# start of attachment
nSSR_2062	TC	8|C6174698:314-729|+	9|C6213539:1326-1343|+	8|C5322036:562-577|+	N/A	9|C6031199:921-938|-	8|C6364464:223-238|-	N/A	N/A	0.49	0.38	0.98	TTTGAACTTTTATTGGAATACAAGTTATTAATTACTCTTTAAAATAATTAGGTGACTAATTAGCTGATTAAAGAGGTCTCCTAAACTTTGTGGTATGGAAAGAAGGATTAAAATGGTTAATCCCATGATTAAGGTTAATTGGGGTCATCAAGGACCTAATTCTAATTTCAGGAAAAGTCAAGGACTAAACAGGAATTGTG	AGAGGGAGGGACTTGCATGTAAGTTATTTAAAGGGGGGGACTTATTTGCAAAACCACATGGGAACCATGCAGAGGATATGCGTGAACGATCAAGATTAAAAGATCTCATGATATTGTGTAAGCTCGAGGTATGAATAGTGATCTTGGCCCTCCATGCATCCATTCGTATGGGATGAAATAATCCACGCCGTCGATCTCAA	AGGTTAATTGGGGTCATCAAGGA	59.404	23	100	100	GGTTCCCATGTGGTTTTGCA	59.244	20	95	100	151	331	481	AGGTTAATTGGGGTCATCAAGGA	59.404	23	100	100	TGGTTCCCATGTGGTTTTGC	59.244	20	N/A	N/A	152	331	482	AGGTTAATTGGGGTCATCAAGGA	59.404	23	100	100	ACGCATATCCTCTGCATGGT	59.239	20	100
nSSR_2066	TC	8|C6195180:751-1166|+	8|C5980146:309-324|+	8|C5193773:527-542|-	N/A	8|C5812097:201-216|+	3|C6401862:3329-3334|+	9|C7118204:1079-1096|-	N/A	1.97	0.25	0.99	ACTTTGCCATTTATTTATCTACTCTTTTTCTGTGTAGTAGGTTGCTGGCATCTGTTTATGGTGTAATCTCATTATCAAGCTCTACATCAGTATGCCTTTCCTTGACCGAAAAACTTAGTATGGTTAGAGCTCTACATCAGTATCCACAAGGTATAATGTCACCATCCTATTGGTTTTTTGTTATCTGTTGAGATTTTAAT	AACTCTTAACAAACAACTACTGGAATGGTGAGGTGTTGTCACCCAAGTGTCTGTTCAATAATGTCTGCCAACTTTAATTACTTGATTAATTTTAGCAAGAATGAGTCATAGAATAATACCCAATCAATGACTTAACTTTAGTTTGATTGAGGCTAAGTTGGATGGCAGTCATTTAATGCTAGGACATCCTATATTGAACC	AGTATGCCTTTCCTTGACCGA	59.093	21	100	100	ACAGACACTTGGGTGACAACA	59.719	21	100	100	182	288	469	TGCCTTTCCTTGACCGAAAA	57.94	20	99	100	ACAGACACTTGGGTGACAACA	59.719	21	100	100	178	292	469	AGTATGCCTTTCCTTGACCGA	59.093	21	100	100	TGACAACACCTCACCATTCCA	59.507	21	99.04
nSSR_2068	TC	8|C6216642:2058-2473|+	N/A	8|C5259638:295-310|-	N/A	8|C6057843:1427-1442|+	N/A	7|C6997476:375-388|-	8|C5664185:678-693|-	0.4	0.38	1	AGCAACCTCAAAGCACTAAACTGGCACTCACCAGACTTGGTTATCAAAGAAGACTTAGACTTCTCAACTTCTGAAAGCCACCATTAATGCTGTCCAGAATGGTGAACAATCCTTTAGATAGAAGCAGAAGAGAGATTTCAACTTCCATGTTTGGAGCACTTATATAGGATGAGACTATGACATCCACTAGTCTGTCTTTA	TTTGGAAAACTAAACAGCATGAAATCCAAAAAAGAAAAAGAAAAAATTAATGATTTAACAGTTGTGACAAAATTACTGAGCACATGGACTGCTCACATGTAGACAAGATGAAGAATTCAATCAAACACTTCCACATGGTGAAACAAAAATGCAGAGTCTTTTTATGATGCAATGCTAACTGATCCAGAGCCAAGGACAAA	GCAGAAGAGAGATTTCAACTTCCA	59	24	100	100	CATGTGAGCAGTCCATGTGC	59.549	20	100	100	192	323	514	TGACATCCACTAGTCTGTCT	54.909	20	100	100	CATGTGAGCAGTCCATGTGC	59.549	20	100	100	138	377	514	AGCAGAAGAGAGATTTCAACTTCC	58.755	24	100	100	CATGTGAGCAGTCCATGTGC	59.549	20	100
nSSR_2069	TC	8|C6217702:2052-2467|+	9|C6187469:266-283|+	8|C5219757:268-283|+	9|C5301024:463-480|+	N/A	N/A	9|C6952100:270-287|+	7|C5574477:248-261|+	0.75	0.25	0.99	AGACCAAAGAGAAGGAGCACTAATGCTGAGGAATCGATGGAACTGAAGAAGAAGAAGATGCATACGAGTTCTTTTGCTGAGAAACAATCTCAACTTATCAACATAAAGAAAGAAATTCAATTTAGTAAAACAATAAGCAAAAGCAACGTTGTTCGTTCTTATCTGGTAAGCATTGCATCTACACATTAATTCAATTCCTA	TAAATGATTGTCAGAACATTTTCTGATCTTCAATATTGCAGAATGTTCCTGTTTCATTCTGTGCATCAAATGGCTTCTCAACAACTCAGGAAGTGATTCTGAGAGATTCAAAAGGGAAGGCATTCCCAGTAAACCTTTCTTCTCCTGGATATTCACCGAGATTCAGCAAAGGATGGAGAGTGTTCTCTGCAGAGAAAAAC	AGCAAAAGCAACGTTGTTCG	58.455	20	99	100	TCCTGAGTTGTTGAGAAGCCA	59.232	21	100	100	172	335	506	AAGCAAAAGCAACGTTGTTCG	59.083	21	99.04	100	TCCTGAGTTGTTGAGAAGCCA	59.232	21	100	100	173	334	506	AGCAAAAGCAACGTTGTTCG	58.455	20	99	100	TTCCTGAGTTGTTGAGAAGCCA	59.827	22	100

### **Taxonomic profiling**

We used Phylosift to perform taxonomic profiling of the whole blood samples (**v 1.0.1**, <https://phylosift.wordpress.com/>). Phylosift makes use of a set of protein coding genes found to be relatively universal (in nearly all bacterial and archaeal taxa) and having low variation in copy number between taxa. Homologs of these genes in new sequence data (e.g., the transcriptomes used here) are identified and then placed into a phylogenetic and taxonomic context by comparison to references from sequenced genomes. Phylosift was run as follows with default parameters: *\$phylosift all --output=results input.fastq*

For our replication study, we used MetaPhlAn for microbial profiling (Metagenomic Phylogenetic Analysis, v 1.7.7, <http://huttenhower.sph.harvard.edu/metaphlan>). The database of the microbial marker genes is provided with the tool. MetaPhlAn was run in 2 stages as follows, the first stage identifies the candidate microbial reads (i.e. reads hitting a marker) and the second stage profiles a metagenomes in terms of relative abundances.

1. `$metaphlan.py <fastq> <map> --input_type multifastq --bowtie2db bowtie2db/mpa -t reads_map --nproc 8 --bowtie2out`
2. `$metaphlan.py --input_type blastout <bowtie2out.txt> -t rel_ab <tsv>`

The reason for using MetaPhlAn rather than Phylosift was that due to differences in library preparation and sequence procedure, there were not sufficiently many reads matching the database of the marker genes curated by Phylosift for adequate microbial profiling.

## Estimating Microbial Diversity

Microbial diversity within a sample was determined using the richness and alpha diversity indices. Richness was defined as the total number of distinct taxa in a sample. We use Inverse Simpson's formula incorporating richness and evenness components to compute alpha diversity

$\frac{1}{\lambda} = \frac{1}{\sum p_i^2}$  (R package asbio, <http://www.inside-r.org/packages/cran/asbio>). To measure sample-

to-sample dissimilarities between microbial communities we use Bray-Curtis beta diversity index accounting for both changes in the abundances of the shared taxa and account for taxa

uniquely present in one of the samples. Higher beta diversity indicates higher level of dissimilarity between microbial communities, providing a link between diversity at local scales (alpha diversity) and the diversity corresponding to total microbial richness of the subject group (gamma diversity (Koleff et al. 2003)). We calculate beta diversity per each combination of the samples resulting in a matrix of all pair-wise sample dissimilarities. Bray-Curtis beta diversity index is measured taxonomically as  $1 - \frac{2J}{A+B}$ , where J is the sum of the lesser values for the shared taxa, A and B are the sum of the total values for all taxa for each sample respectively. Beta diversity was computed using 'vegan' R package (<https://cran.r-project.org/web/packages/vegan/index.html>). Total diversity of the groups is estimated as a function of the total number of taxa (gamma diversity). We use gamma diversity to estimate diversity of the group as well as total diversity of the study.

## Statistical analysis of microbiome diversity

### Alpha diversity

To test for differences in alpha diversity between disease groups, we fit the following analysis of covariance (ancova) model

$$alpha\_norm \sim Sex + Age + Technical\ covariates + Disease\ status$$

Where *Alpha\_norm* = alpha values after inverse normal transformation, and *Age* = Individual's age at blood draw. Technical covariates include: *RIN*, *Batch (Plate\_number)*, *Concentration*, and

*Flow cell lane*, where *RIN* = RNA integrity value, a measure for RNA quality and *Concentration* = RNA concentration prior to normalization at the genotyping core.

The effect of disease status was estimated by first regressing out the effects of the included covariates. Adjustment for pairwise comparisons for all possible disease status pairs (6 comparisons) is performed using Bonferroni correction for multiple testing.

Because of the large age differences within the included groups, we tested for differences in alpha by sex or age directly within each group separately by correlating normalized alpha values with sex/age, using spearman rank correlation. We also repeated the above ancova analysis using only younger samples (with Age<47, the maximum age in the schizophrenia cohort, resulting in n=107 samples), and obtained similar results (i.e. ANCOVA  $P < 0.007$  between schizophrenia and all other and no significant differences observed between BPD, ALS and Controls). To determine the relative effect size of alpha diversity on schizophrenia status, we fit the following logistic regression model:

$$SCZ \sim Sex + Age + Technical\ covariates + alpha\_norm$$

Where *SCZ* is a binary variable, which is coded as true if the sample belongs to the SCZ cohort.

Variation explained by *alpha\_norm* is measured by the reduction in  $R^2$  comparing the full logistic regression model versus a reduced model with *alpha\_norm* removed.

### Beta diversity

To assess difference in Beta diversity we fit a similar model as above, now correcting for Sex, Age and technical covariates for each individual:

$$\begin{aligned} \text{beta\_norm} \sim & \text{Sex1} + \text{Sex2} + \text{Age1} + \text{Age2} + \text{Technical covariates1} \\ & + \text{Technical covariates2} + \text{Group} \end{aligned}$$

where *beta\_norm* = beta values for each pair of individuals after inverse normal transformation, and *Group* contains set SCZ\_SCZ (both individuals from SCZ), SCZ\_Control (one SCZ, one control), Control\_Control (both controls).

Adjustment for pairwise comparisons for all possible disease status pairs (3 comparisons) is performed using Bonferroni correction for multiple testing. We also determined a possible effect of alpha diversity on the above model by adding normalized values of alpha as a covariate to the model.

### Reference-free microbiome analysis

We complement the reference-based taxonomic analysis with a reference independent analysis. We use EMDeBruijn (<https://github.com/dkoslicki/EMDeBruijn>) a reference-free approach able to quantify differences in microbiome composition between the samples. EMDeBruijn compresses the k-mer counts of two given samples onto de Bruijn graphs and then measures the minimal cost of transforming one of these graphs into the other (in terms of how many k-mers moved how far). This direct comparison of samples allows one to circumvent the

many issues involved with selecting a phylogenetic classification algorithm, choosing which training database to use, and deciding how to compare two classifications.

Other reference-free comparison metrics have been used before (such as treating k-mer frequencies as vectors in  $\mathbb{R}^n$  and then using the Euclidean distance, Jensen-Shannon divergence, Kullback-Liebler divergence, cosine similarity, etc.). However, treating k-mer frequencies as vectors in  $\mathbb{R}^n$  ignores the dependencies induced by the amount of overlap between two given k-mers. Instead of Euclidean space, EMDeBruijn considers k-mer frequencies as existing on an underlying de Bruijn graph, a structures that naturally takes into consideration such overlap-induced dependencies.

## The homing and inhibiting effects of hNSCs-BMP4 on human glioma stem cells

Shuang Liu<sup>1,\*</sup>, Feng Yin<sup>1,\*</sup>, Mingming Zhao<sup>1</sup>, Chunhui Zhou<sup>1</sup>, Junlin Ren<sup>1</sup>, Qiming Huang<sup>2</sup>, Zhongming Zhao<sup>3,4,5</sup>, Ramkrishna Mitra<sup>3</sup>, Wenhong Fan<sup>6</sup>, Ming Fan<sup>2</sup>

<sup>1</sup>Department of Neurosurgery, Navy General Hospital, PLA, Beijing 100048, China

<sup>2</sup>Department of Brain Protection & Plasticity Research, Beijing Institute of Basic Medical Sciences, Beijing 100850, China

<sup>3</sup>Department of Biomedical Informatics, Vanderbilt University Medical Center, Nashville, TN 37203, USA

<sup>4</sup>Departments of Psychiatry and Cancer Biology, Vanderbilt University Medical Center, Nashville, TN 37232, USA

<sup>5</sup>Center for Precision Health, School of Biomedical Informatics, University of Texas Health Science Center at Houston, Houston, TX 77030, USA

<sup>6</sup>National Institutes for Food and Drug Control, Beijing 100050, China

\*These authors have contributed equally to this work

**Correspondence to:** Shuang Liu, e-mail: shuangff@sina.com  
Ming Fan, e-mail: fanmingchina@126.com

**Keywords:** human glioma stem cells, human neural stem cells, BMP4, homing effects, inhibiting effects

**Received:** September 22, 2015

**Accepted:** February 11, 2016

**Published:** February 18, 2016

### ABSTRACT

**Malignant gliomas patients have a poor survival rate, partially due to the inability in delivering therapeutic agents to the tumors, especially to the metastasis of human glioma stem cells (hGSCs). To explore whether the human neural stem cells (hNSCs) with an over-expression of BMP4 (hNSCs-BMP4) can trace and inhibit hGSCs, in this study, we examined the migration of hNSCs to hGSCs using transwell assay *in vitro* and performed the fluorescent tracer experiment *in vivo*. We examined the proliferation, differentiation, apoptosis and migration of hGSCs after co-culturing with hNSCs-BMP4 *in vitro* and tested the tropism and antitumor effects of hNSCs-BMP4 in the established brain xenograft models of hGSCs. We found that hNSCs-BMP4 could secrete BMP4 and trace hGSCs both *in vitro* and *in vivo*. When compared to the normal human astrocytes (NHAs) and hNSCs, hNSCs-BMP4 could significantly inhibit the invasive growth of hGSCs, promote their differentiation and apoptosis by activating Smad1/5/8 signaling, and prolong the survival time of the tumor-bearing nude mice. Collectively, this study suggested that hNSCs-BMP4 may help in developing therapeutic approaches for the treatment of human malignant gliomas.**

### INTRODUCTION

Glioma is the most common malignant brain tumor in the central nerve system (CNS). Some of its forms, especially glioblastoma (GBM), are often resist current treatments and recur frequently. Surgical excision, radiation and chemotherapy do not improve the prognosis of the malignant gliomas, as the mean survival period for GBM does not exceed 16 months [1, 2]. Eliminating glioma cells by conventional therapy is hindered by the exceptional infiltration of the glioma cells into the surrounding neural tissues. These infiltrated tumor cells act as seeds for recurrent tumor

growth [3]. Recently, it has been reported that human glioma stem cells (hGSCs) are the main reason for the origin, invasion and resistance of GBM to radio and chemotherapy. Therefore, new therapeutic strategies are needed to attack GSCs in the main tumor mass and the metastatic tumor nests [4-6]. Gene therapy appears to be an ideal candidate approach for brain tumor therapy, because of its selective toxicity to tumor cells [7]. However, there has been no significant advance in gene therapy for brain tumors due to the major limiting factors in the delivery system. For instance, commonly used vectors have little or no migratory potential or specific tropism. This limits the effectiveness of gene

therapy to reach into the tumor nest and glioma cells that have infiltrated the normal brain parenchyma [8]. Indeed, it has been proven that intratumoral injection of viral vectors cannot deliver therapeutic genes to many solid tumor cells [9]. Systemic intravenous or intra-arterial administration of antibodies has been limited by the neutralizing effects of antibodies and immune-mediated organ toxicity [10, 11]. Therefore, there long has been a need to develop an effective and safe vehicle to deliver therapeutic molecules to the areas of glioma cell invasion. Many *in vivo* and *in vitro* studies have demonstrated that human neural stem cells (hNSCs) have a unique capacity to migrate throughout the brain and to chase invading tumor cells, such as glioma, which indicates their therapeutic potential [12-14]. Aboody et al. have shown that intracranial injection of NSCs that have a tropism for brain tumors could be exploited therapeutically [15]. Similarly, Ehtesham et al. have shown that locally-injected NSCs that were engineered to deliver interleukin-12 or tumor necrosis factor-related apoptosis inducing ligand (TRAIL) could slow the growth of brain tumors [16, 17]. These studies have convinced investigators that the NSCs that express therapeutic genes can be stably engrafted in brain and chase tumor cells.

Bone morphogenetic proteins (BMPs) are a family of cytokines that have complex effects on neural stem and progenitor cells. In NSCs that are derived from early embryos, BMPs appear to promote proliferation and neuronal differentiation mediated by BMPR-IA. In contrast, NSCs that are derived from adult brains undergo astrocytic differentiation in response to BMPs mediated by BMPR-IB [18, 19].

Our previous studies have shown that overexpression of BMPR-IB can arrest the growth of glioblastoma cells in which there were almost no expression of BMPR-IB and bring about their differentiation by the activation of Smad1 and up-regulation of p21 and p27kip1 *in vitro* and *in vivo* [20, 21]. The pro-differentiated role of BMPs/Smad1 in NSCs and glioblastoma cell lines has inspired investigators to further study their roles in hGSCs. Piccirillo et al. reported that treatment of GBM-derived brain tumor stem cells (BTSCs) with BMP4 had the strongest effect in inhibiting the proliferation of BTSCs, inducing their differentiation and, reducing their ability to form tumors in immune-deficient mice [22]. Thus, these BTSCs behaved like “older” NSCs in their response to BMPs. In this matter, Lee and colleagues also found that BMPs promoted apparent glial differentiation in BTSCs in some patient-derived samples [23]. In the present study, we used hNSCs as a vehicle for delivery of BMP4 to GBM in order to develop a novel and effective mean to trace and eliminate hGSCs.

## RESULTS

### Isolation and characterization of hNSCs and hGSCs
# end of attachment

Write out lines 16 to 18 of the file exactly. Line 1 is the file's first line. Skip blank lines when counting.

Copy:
## Statistical analysis of microbiome diversity

### Alpha diversity

To test for differences in alpha diversity between disease groups, we fit the following analysis of covariance (ancova) model